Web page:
As the battle in eastern Ukraine rages on, a call for a review of privatizations carried out under the ousted government of Viktor Yanukovych threatens to spark a war amongst the country's oligarchs.
Governor of Dnipropetrovsk Ihor Kolomoisky, who controls the powerful Privat Group, called on July 14 for firms that were "privatised illegally" to be renationalised. Kolomoisky wants a review of all state asset sales carried out between 2011 and 2014, when Yanukovych reigned.
"The assets that have been privatized illegally need to be nationalized," Kolomoisky - who has been credited with suppressing the rise of separatist militia since being appointed by Kyiv to head the Dnipropetrovsk Region in March - told local TV, according to Interfax.
Amongst the companies he specifically names are Zakhidenergo, Dniproenergo and Dniprooblenergo, which belong to DTEK, the holding company of Ukraine's richest man Rinat Akhmetov. He also pointed at the country's energy distribution companies and the 49% stake in ZTMK held by Dmytro Firtash's Group DF. The same holding is at the centre of a controversy that saw the delay in June of privatisation of minor stakes in chemicals company Sumykhimprom.
The terms for the privatization of each of those companies and assets were made "to match the desires of a single buyer," Kolomoisky said. The oligarch also mentioned Ukrtelecom, having named the fixed-line operator the previous week as he called for assets to be confiscated from "supporters and sponsors of terrorism".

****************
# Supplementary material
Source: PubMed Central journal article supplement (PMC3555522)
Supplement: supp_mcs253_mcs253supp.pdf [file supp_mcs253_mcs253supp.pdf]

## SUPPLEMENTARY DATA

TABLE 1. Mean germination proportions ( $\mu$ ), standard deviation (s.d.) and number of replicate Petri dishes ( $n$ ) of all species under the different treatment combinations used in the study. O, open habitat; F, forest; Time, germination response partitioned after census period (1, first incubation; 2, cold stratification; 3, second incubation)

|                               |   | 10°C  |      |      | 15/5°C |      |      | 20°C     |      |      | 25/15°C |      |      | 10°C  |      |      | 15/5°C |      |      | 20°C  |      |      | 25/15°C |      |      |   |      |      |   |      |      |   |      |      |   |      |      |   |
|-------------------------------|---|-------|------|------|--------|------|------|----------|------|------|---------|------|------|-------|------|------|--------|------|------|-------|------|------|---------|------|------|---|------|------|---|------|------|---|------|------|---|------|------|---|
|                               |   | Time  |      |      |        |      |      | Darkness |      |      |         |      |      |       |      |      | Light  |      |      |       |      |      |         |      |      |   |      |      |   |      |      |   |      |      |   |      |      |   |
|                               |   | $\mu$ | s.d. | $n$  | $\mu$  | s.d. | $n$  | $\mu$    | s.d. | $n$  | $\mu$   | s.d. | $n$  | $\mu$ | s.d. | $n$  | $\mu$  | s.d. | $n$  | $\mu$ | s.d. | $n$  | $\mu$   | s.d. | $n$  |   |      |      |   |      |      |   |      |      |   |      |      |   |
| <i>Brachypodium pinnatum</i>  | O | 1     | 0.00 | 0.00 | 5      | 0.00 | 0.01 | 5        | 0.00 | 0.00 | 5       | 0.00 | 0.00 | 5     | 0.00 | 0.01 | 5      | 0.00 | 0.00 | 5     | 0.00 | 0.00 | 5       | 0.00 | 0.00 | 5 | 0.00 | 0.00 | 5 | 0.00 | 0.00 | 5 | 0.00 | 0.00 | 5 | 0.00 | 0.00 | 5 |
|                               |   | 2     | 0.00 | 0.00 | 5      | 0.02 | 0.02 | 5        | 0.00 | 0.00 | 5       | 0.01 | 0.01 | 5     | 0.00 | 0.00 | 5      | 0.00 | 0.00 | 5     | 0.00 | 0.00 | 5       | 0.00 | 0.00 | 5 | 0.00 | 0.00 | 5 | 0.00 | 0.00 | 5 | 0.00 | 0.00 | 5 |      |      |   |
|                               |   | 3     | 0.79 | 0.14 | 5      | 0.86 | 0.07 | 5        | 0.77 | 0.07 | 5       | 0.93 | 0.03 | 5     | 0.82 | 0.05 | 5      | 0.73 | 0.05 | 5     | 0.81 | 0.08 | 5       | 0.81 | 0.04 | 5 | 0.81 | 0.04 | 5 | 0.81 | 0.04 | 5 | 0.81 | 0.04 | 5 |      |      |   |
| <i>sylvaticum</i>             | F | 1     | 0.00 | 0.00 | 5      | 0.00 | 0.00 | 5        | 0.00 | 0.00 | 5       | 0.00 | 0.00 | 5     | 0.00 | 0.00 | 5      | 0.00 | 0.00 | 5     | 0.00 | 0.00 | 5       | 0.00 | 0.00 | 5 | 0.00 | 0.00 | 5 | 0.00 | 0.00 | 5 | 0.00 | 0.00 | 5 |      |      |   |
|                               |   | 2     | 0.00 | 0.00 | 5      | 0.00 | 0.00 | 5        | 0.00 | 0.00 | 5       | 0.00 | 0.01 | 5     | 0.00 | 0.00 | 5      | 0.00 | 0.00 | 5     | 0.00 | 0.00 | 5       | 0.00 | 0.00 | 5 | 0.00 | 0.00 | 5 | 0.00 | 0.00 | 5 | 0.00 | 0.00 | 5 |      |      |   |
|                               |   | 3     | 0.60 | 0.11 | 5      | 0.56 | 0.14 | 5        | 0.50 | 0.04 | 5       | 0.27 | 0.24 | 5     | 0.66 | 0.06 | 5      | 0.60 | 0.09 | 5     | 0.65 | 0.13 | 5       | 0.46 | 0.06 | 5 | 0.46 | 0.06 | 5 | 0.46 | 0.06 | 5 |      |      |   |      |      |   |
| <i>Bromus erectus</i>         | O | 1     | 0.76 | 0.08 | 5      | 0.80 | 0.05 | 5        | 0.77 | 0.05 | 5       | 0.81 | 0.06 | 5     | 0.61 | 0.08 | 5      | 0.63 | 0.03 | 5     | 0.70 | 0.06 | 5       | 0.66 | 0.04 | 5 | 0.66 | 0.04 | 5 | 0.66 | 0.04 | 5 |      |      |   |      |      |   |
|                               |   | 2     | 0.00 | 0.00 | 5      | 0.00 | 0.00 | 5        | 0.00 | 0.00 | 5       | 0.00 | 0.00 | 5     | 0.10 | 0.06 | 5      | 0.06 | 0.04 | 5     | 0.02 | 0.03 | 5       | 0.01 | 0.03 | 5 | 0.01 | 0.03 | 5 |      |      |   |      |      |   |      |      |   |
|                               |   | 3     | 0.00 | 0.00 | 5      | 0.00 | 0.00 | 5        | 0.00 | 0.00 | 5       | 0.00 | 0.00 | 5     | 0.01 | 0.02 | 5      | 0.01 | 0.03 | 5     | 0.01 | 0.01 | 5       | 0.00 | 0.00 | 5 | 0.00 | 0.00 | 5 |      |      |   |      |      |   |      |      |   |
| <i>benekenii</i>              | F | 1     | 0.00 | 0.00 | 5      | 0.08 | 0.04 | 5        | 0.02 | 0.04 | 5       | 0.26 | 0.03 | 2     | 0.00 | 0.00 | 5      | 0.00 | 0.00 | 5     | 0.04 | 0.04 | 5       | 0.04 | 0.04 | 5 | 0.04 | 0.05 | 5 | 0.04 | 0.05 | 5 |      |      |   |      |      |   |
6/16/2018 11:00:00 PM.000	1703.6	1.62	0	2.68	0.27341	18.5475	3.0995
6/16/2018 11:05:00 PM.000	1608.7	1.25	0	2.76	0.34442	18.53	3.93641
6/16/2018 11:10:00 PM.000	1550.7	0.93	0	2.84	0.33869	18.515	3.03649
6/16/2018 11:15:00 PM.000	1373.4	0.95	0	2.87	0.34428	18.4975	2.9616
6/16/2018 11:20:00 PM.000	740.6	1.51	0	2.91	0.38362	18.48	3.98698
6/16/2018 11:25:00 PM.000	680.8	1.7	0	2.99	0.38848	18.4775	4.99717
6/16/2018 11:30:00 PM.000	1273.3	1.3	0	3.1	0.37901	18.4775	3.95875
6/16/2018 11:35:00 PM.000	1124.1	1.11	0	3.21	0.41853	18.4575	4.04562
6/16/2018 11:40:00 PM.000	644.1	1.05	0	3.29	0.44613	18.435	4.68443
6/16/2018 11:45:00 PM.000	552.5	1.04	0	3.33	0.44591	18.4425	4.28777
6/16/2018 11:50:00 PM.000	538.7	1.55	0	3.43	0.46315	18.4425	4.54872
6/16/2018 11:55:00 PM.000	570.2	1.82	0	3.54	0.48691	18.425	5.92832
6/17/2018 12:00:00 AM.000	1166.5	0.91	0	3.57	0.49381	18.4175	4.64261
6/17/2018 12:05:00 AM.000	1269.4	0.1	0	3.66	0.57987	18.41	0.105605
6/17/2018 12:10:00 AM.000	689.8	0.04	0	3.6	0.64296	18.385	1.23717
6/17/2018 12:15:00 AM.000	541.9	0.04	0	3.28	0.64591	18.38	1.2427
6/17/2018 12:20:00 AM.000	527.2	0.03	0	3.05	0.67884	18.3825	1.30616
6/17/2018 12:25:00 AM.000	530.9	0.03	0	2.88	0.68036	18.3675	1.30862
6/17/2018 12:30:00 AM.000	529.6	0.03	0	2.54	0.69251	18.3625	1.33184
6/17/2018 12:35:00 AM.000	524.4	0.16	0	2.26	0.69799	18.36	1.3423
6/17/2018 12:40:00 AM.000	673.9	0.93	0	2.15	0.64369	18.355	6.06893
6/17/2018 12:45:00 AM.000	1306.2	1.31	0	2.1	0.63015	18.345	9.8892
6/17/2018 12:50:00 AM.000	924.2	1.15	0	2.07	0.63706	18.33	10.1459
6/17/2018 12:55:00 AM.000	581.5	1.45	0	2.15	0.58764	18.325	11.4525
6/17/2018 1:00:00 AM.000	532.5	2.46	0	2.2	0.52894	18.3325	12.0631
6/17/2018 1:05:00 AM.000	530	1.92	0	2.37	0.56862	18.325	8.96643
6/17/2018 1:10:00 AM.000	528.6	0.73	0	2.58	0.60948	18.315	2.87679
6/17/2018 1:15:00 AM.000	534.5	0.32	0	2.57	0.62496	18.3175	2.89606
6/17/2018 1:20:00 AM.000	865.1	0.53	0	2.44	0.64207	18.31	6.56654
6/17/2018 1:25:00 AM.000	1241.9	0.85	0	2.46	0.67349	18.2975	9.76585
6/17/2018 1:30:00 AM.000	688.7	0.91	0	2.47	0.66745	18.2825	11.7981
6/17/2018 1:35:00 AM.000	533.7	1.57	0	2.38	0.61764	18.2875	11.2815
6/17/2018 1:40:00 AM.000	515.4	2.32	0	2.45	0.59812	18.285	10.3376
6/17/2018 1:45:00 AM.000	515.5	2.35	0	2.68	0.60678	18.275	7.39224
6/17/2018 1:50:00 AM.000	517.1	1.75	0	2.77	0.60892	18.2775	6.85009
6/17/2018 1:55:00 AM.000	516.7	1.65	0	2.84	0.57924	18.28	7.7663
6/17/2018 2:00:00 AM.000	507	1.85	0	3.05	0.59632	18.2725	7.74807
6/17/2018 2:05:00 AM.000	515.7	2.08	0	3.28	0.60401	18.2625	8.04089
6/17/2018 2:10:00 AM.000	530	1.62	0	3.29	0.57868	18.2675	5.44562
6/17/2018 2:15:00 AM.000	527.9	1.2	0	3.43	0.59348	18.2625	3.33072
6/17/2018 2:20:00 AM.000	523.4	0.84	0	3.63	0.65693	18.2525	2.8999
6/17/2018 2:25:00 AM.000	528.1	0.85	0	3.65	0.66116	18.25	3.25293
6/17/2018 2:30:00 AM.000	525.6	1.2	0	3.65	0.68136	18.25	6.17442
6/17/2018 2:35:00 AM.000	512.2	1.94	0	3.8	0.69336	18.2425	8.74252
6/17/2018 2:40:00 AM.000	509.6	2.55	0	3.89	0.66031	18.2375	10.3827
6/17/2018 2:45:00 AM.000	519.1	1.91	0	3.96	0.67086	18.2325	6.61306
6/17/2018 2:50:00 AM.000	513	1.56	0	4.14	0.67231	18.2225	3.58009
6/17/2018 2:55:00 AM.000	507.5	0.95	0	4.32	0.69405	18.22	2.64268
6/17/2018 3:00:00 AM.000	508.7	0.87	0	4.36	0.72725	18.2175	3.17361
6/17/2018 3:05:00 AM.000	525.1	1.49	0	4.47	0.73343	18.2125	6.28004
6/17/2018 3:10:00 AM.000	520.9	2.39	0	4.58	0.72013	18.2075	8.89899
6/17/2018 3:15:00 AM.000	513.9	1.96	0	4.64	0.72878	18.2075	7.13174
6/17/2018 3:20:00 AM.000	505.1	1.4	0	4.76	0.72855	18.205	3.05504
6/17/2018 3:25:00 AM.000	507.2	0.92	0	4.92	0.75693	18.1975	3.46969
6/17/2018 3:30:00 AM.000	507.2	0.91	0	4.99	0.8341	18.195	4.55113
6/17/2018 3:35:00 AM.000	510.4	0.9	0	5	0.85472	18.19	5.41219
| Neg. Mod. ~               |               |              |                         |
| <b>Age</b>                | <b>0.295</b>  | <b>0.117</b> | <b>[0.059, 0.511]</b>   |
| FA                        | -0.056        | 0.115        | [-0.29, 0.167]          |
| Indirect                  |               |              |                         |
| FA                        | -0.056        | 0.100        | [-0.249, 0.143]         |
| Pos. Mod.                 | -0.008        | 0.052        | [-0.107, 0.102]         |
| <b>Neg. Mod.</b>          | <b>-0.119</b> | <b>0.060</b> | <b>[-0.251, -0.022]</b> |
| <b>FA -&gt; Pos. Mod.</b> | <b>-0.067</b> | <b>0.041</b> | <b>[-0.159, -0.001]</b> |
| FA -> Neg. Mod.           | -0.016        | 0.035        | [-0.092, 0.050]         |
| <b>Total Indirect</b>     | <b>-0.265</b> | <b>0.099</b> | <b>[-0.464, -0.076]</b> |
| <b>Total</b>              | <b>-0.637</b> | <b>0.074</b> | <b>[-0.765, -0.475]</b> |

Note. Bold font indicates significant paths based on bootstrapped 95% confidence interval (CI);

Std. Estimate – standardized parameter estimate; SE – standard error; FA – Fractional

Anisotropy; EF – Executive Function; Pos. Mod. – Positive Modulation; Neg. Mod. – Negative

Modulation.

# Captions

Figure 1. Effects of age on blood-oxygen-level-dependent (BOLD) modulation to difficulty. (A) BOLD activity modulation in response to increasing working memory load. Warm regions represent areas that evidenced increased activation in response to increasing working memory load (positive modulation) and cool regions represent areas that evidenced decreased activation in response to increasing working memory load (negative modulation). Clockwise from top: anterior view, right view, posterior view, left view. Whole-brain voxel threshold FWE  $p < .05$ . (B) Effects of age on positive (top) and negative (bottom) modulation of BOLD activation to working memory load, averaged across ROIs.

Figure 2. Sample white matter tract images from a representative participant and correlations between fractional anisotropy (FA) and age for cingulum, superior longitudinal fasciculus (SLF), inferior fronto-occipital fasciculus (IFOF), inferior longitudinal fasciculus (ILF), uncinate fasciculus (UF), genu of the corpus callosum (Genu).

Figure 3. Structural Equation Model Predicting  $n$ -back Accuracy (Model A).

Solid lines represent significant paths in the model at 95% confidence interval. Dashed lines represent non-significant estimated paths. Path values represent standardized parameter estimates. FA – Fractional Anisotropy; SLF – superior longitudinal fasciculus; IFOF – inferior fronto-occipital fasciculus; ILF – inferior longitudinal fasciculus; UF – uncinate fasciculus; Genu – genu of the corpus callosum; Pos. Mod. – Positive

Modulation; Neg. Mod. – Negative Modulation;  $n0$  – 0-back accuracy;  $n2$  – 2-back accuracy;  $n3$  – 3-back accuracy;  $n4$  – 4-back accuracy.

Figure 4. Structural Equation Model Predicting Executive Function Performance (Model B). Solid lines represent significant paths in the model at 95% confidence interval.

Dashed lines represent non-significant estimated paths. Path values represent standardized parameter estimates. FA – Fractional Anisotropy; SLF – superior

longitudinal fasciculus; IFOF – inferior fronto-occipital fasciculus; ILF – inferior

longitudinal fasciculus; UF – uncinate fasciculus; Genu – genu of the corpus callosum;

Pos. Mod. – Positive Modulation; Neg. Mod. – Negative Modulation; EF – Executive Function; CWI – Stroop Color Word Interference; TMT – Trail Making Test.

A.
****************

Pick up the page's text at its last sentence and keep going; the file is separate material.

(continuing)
"They not only grabbed dozens of plants, energy companies and Ukrtelecom on a sole source basis, practically free of charge, but also Yanukovych and his minions are actually sponsoring killings of our citizens at the expense of these plants," Kolomoisky stated, according to Deputy Governor Borys Filatov's Facebook page.
The governor continued his theme on July 14. "Some of the enterprises belong to DTEK, some to Ostchem or Group DF, but who is behind those and what stakes they hold we don't know," he told Channel Five. "I, for example, know it for a fact that the Yanukovych family own minimum stakes of 25% in Cherkasy Azot, in Severodonetsk Azot, and in Stirol in Horlivka. But we realize, don't we, that, if not Yanukovych himself, then his closer entourage and his family are involved in separatism and terrorism."
The call appears to support claims that militia's loyal to oligarchs and criminal groups scouting for opportunistic asset grabs have helped fuel the violence in eastern Ukraine. It's also a can of worms that the Ukrainian government may not want to open. Although the companies may well have been effectively stolen from the state, Kolomoisky's campaign is seen by some as part of an internecine war between the country's oligarchs.
Next door in Russia, President Vladimir Putin made a pragmatic decision to allow the oligarchs to retain the assets they bought on the cheap during the 1990s. However, they were told to stop stealing, and have since been put into harness to support the government's economic policy.
The stability this strategy offered proved to be a base for Russia's economic boom ahead of the crisis. Renationalising assets held by Ukraine's oligarchs would spark an economic, legal and political war, which would do little to help the cash-strapped country get back on its feet.
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